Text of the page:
Reparations refer to compensation or actions taken to address harm caused by an individual or group to another individual or group. The concept of reparations has been used in a variety of contexts, including in cases of historical injustice, such as slavery, colonization, and genocide, as well as in criminal justice systems.
Restorative reparations refer to reparations that are made within the context of restorative justice practices. In restorative justice, the focus is on repairing harm caused by an offense, rather than solely punishing the offender. Restorative reparations are intended to address the harm caused by an offense and to help the victim and the community to heal and move forward.
Restorative reparations can take many forms, depending on the needs of the victim and the community. Some examples of restorative reparations include:
- Financial compensation: This can include paying restitution to the victim or providing funds to support community projects or programs.
- Community service: Offenders can be required to perform community service work that benefits the victim or the community.
- Restitution: This can include repairing damage caused by the offense, such as repairing property or restoring the environment.
- Apology and forgiveness: The offender can be required to offer a sincere apology to the victim or the community and to seek forgiveness.
Restorative reparations are intended to be a part of a broader process of restorative justice, which emphasizes repairing harm and restoring relationships. By addressing the harm caused by an offense in a meaningful way, restorative reparations can help to promote healing and reconciliation for both the victim and the offender.
Examples of Restorative Reparations
There are many examples of reparations and restorative reparations in various contexts. Some well-known examples include:
- Indigenous land claims in Canada and Australia: Indigenous communities in Canada and Australia have been seeking reparations and restitution for the historical theft of their lands and resources. Some governments have implemented programs to provide financial compensation, return land and resources, and support indigenous cultural revitalization.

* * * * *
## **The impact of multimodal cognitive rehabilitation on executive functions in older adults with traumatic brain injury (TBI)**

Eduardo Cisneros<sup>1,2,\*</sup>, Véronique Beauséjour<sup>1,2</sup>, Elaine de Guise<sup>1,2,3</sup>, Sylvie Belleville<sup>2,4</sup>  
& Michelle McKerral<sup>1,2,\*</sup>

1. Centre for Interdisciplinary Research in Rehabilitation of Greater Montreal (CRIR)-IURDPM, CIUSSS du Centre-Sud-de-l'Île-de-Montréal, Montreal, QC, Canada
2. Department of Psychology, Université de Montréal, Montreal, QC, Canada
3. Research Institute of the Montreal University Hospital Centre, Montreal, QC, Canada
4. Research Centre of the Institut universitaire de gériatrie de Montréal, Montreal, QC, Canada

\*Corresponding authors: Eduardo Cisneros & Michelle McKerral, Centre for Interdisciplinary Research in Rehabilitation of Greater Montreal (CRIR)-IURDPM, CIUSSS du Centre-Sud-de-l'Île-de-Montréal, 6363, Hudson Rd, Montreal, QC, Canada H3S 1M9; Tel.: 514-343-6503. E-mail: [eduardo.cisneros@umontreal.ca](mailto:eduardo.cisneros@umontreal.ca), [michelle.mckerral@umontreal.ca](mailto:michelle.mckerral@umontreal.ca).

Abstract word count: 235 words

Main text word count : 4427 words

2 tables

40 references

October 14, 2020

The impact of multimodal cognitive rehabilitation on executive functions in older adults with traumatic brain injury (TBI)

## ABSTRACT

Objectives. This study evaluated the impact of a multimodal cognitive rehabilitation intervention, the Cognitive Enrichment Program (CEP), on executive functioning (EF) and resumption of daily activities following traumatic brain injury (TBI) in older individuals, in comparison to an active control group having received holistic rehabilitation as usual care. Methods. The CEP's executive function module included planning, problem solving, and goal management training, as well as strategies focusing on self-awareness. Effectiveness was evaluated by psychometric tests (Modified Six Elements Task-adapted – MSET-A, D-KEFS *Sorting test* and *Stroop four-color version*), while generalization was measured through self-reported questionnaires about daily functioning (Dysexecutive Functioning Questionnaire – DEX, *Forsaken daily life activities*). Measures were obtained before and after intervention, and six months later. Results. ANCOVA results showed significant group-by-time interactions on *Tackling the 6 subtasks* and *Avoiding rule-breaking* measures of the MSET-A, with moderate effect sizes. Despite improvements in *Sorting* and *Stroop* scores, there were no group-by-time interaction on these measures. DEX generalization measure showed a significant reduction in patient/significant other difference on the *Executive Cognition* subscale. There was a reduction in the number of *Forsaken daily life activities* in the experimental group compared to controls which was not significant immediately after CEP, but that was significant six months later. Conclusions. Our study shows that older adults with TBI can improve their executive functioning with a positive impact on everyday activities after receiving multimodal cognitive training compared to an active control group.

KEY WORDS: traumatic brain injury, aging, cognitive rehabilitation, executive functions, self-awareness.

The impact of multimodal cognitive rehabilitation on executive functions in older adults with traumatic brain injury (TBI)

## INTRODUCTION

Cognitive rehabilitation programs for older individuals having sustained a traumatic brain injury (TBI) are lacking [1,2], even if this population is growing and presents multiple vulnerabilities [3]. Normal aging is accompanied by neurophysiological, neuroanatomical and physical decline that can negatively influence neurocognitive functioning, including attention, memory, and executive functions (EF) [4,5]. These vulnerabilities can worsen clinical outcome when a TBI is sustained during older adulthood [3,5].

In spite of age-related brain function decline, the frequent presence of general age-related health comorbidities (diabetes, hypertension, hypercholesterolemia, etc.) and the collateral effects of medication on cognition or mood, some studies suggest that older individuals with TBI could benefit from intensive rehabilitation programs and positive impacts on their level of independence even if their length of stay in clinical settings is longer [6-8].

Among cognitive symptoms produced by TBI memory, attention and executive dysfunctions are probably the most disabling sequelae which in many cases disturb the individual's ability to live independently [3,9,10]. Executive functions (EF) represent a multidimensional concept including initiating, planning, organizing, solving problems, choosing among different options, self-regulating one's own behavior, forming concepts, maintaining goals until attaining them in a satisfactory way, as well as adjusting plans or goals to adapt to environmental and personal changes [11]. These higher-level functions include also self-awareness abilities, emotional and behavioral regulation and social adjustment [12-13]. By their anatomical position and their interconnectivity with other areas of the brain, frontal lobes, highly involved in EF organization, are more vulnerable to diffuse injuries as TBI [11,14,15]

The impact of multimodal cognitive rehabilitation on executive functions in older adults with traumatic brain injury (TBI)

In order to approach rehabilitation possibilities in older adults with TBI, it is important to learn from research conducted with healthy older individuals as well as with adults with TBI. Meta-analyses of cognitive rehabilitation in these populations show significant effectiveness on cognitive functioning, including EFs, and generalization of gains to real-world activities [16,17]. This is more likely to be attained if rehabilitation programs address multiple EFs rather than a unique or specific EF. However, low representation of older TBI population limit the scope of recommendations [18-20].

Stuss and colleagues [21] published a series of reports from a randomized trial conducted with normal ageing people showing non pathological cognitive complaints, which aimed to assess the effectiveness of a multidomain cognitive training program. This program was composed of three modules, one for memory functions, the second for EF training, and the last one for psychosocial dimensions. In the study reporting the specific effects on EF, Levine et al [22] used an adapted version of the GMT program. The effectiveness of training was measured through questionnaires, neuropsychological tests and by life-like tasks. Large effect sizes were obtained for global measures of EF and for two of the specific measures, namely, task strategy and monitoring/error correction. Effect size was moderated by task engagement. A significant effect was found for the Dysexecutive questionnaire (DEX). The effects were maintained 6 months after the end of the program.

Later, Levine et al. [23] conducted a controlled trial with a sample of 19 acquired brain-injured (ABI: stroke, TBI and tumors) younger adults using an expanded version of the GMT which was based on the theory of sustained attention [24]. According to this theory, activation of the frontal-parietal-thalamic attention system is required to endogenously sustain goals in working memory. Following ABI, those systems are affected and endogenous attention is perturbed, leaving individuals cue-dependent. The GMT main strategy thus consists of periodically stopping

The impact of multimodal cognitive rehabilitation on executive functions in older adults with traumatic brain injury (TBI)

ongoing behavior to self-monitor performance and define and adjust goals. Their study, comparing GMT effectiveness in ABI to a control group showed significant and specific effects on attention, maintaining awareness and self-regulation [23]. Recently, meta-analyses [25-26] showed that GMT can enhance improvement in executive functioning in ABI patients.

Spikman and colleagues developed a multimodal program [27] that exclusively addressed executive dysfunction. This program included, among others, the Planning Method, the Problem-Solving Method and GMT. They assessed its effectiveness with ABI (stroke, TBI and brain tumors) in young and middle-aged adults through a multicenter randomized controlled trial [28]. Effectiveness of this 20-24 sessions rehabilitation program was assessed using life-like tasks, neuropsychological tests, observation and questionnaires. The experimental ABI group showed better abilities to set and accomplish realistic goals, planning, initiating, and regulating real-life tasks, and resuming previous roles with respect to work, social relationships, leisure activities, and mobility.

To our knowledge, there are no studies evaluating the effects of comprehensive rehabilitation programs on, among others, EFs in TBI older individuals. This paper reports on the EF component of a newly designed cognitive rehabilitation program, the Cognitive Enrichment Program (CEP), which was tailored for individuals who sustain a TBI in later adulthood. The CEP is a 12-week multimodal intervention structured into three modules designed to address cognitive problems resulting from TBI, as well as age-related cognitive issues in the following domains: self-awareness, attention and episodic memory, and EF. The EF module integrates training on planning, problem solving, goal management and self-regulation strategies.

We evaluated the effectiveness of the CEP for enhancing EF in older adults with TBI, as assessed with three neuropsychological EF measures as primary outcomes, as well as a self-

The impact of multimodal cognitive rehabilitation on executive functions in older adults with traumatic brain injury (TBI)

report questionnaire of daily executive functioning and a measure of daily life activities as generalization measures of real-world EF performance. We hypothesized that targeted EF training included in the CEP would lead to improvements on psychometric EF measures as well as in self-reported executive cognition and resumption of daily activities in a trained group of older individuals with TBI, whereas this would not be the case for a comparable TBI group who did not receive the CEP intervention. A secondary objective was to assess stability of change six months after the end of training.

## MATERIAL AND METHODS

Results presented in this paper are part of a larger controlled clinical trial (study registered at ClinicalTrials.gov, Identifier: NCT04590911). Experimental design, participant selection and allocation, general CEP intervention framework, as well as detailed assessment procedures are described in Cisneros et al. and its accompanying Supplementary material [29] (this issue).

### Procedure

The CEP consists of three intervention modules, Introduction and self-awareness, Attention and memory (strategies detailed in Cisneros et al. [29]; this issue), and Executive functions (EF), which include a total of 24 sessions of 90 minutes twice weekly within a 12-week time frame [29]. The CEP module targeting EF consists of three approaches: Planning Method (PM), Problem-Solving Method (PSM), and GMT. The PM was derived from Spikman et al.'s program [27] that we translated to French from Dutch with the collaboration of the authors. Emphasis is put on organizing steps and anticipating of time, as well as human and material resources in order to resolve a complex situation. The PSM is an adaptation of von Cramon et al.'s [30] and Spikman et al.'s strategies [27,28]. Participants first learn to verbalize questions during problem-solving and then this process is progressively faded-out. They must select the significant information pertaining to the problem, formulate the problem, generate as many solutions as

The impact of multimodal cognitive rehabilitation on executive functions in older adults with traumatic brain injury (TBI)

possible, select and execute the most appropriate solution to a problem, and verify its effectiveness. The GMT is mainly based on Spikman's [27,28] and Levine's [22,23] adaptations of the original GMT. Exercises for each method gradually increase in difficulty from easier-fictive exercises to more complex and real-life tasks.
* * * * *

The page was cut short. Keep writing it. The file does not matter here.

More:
- Truth and Reconciliation Commission in South Africa: In the aftermath of apartheid, the South African government established a Truth and Reconciliation Commission to provide reparations to victims and their families. The commission allowed perpetrators to confess to their crimes and seek amnesty in exchange for offering reparations and accepting responsibility for their actions.
- Slavery reparations: Many advocates have called for reparations to be paid to descendants of slaves in the United States to address the historical injustice of slavery and its lasting impact. Some universities and cities have implemented programs to provide reparations, including scholarships and community development funds.
- Restorative justice programs in criminal justice systems: Restorative justice programs, including community service, victim-offender mediation, and circle sentencing, have been implemented in criminal justice systems in many countries as an alternative to traditional punitive measures. These programs prioritize repairing harm and restoring relationships between offenders, victims, and communities.